MIYAZAKI – Miyazaki Gov. Hideo Higashikokubaru declared an end Thursday to the outbreak of virulent bird flu that hit the prefecture 50 days ago.
“We were able to mark this day through the aid and cooperation of many people,” Higashikokubaru said at a press conference. At midnight Wednesday, the prefecture lifted all restrictions on moving or shipping chickens and eggs.
The governor vowed to “work to revitalize the poultry industry of Miyazaki Prefecture, which boasts Japan’s No. 1 production of broilers in terms of value.”
The highly virulent H5N1 type of avian influenza virus first hit a poultry farm in the town of Kiyotake on Jan. 10, then broke out on two other farms, in the city of Hyuga and the town of Shintomi.
The shipment restrictions affected 3.5 million chickens kept in and near the three areas, and about 190,000 chickens were slaughtered, according to the prefecture.
Through its inspections, the prefecture has found no spread of the infectious disease to birds on other farms or households, leading it to lift the only remaining restrictions on moving or shipping chickens and eggs from an area within a 10-km radius from the farm in Shintomi as of midnight Wednesday.
A similar ban was lifted at the same time in Takahashi, Okayama Prefecture, where the restriction was put into effect Jan. 29 after an outbreak of virulent bird flu at a farm.
In the Okayama case, the prefectural government slaughtered 12,200 birds at the farm and banned shipments of some 950,000 chickens and eggs in a 10-km radius from the site.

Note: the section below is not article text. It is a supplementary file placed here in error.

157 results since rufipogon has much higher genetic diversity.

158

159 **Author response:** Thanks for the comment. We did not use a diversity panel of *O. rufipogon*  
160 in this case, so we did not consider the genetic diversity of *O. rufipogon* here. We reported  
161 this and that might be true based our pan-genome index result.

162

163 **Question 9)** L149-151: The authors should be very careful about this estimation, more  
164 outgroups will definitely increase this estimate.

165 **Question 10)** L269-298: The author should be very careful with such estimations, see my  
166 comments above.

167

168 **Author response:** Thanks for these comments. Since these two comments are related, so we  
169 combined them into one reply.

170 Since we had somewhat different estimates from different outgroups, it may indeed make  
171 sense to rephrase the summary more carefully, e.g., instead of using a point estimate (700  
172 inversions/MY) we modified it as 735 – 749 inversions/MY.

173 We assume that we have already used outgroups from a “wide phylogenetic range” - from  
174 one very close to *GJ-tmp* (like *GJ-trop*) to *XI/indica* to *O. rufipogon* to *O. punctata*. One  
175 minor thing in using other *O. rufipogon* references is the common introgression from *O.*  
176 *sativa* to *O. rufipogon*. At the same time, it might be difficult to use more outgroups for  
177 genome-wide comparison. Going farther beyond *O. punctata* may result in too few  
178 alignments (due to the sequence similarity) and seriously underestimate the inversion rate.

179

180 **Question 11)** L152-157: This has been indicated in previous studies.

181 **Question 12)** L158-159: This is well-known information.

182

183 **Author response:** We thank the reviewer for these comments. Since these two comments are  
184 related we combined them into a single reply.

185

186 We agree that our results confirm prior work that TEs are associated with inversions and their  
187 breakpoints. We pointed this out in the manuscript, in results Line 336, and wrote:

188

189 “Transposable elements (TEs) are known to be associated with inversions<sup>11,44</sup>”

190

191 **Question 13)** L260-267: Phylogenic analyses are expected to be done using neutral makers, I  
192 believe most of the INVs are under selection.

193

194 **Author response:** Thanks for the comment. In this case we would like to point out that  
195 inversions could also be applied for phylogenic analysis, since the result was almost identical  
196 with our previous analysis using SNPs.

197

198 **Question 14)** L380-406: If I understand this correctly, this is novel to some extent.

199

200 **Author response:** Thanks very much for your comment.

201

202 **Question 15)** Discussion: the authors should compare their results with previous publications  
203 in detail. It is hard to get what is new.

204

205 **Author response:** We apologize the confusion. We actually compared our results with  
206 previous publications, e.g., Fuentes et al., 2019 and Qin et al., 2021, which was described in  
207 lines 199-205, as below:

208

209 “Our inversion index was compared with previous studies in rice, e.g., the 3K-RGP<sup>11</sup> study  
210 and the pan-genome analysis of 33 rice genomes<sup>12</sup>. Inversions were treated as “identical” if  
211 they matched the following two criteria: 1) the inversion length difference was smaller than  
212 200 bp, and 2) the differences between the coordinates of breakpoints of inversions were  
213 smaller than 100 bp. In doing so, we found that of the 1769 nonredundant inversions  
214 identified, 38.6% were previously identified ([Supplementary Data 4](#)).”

Although the latest bird-flu outbreak is over, at least on the prefectural level, businesses counting on Miyazaki chickens have been hit hard, and their recovery could take several months.
In Shintomi, more than 1 million eggs a day could not be shipped due to health reasons. Some chicken farmers had to store the eggs, although they knew their freshness would be significantly degraded.
One chicken farmer in Shintomi said that in the end, such eggs only sold for a quarter of the price compared with normal eggs.
The effect on the Miyazaki chicken industry is feared to be long term. According to the Japan Association of Chicken Farmers, once farmers lose customers, it’s hard to win them back.
In Ibaraki Prefecture, for example, where an avian flu outbreak hit in 2005, local chicken farmers were able to reclaim only 60 percent of their customers prior to the outbreak.
At this point, neither the association nor local governments have a mechanism to financially help out farmers hit by bird flu, said Hideyuki Shimada of the association.